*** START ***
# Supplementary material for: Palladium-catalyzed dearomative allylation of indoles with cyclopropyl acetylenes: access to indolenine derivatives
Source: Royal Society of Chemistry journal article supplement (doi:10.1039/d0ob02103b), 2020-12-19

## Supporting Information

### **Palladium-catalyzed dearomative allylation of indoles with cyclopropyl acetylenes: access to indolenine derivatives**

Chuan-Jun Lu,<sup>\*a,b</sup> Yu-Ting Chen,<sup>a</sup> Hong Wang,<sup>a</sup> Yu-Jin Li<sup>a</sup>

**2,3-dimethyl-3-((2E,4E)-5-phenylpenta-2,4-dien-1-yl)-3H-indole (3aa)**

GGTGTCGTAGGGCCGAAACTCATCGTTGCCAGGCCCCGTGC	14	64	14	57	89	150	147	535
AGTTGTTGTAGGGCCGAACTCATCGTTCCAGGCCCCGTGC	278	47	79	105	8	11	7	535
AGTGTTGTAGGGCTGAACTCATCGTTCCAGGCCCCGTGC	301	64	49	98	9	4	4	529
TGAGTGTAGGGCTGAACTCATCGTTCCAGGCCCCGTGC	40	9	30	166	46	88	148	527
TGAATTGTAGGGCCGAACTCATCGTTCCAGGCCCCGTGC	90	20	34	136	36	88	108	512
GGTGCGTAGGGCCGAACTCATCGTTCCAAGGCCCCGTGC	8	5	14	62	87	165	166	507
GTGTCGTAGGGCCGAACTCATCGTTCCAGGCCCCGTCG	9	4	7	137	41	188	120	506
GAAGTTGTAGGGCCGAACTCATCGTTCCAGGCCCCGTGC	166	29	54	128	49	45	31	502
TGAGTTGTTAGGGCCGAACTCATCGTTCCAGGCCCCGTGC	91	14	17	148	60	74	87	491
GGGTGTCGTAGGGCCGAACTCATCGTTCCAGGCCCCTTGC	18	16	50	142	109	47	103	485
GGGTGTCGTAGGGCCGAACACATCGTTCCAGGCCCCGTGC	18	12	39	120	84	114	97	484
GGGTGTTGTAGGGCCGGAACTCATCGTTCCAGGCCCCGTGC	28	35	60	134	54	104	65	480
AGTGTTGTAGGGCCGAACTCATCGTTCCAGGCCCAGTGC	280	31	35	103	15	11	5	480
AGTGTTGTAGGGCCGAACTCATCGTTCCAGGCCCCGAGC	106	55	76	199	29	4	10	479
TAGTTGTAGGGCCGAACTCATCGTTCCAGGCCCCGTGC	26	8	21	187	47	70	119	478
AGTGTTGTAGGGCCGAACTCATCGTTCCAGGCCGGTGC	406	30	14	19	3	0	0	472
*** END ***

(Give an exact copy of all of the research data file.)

# Supplementary material for: Palladium-catalyzed dearomative allylation of indoles with cyclopropyl acetylenes: access to indolenine derivatives
Source: Royal Society of Chemistry journal article supplement (doi:10.1039/d0ob02103b), 2020-12-19

## Supporting Information

### **Palladium-catalyzed dearomative allylation of indoles with cyclopropyl acetylenes: access to indolenine derivatives**

Chuan-Jun Lu,<sup>\*a,b</sup> Yu-Ting Chen,<sup>a</sup> Hong Wang,<sup>a</sup> Yu-Jin Li<sup>a</sup>

**2,3-dimethyl-3-((2E,4E)-5-phenylpenta-2,4-dien-1-yl)-3H-indole (3aa)**

GGTGTCGTAGGGCCGAAACTCATCGTTGCCAGGCCCCGTGC	14	64	14	57	89	150	147	535
AGTTGTTGTAGGGCCGAACTCATCGTTCCAGGCCCCGTGC	278	47	79	105	8	11	7	535
AGTGTTGTAGGGCTGAACTCATCGTTCCAGGCCCCGTGC	301	64	49	98	9	4	4	529
TGAGTGTAGGGCTGAACTCATCGTTCCAGGCCCCGTGC	40	9	30	166	46	88	148	527
TGAATTGTAGGGCCGAACTCATCGTTCCAGGCCCCGTGC	90	20	34	136	36	88	108	512
GGTGCGTAGGGCCGAACTCATCGTTCCAAGGCCCCGTGC	8	5	14	62	87	165	166	507
GTGTCGTAGGGCCGAACTCATCGTTCCAGGCCCCGTCG	9	4	7	137	41	188	120	506
GAAGTTGTAGGGCCGAACTCATCGTTCCAGGCCCCGTGC	166	29	54	128	49	45	31	502
TGAGTTGTTAGGGCCGAACTCATCGTTCCAGGCCCCGTGC	91	14	17	148	60	74	87	491
GGGTGTCGTAGGGCCGAACTCATCGTTCCAGGCCCCTTGC	18	16	50	142	109	47	103	485
GGGTGTCGTAGGGCCGAACACATCGTTCCAGGCCCCGTGC	18	12	39	120	84	114	97	484
GGGTGTTGTAGGGCCGGAACTCATCGTTCCAGGCCCCGTGC	28	35	60	134	54	104	65	480
AGTGTTGTAGGGCCGAACTCATCGTTCCAGGCCCAGTGC	280	31	35	103	15	11	5	480
AGTGTTGTAGGGCCGAACTCATCGTTCCAGGCCCCGAGC	106	55	76	199	29	4	10	479
TAGTTGTAGGGCCGAACTCATCGTTCCAGGCCCCGTGC	26	8	21	187	47	70	119	478
AGTGTTGTAGGGCCGAACTCATCGTTCCAGGCCGGTGC	406	30	14	19	3	0	0	472